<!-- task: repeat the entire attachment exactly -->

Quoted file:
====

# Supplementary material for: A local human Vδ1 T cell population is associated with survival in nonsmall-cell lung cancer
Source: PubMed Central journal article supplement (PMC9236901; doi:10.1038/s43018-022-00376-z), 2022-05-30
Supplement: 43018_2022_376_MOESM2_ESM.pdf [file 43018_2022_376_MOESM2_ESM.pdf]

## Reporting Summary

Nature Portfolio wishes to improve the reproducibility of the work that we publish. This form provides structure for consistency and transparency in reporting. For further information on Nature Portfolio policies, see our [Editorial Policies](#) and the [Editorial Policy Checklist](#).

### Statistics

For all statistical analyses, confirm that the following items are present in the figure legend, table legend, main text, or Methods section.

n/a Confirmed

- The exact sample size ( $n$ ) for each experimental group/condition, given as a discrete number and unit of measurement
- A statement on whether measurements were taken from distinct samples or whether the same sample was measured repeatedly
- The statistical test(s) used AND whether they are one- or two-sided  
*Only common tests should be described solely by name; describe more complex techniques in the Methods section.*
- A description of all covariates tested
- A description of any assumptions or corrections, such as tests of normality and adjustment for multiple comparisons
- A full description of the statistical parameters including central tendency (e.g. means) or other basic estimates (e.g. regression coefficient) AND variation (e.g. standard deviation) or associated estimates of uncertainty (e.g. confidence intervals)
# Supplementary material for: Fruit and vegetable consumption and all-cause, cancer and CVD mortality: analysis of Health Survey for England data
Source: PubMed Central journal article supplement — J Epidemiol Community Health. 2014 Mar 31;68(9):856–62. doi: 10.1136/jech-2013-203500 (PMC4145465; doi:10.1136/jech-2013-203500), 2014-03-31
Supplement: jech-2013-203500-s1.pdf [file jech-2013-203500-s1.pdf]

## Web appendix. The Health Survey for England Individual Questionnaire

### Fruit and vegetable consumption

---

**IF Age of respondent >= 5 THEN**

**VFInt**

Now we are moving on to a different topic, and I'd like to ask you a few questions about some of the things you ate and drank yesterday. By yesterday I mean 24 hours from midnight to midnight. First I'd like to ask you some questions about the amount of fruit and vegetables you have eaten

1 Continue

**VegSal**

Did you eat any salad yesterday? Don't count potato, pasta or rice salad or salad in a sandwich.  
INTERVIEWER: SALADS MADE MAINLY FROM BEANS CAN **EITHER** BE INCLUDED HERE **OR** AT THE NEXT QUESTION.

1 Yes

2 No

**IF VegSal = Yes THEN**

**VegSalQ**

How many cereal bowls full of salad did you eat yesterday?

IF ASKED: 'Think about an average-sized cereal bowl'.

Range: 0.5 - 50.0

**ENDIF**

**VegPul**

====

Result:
# Supplementary material for: A local human Vδ1 T cell population is associated with survival in nonsmall-cell lung cancer
Source: PubMed Central journal article supplement (PMC9236901; doi:10.1038/s43018-022-00376-z), 2022-05-30
Supplement: 43018_2022_376_MOESM2_ESM.pdf [file 43018_2022_376_MOESM2_ESM.pdf]

## Reporting Summary

Nature Portfolio wishes to improve the reproducibility of the work that we publish. This form provides structure for consistency and transparency in reporting. For further information on Nature Portfolio policies, see our [Editorial Policies](#) and the [Editorial Policy Checklist](#).

### Statistics

For all statistical analyses, confirm that the following items are present in the figure legend, table legend, main text, or Methods section.

n/a Confirmed

- The exact sample size ( $n$ ) for each experimental group/condition, given as a discrete number and unit of measurement
- A statement on whether measurements were taken from distinct samples or whether the same sample was measured repeatedly
- The statistical test(s) used AND whether they are one- or two-sided  
*Only common tests should be described solely by name; describe more complex techniques in the Methods section.*
- A description of all covariates tested
- A description of any assumptions or corrections, such as tests of normality and adjustment for multiple comparisons
- A full description of the statistical parameters including central tendency (e.g. means) or other basic estimates (e.g. regression coefficient) AND variation (e.g. standard deviation) or associated estimates of uncertainty (e.g. confidence intervals)
# Supplementary material for: Fruit and vegetable consumption and all-cause, cancer and CVD mortality: analysis of Health Survey for England data
Source: PubMed Central journal article supplement — J Epidemiol Community Health. 2014 Mar 31;68(9):856–62. doi: 10.1136/jech-2013-203500 (PMC4145465; doi:10.1136/jech-2013-203500), 2014-03-31
Supplement: jech-2013-203500-s1.pdf [file jech-2013-203500-s1.pdf]

## Web appendix. The Health Survey for England Individual Questionnaire

### Fruit and vegetable consumption

---

**IF Age of respondent >= 5 THEN**

**VFInt**

Now we are moving on to a different topic, and I'd like to ask you a few questions about some of the things you ate and drank yesterday. By yesterday I mean 24 hours from midnight to midnight. First I'd like to ask you some questions about the amount of fruit and vegetables you have eaten

1 Continue

**VegSal**

Did you eat any salad yesterday? Don't count potato, pasta or rice salad or salad in a sandwich.  
INTERVIEWER: SALADS MADE MAINLY FROM BEANS CAN **EITHER** BE INCLUDED HERE **OR** AT THE NEXT QUESTION.

1 Yes

2 No

**IF VegSal = Yes THEN**

**VegSalQ**

How many cereal bowls full of salad did you eat yesterday?

IF ASKED: 'Think about an average-sized cereal bowl'.

Range: 0.5 - 50.0

**ENDIF**

**VegPul**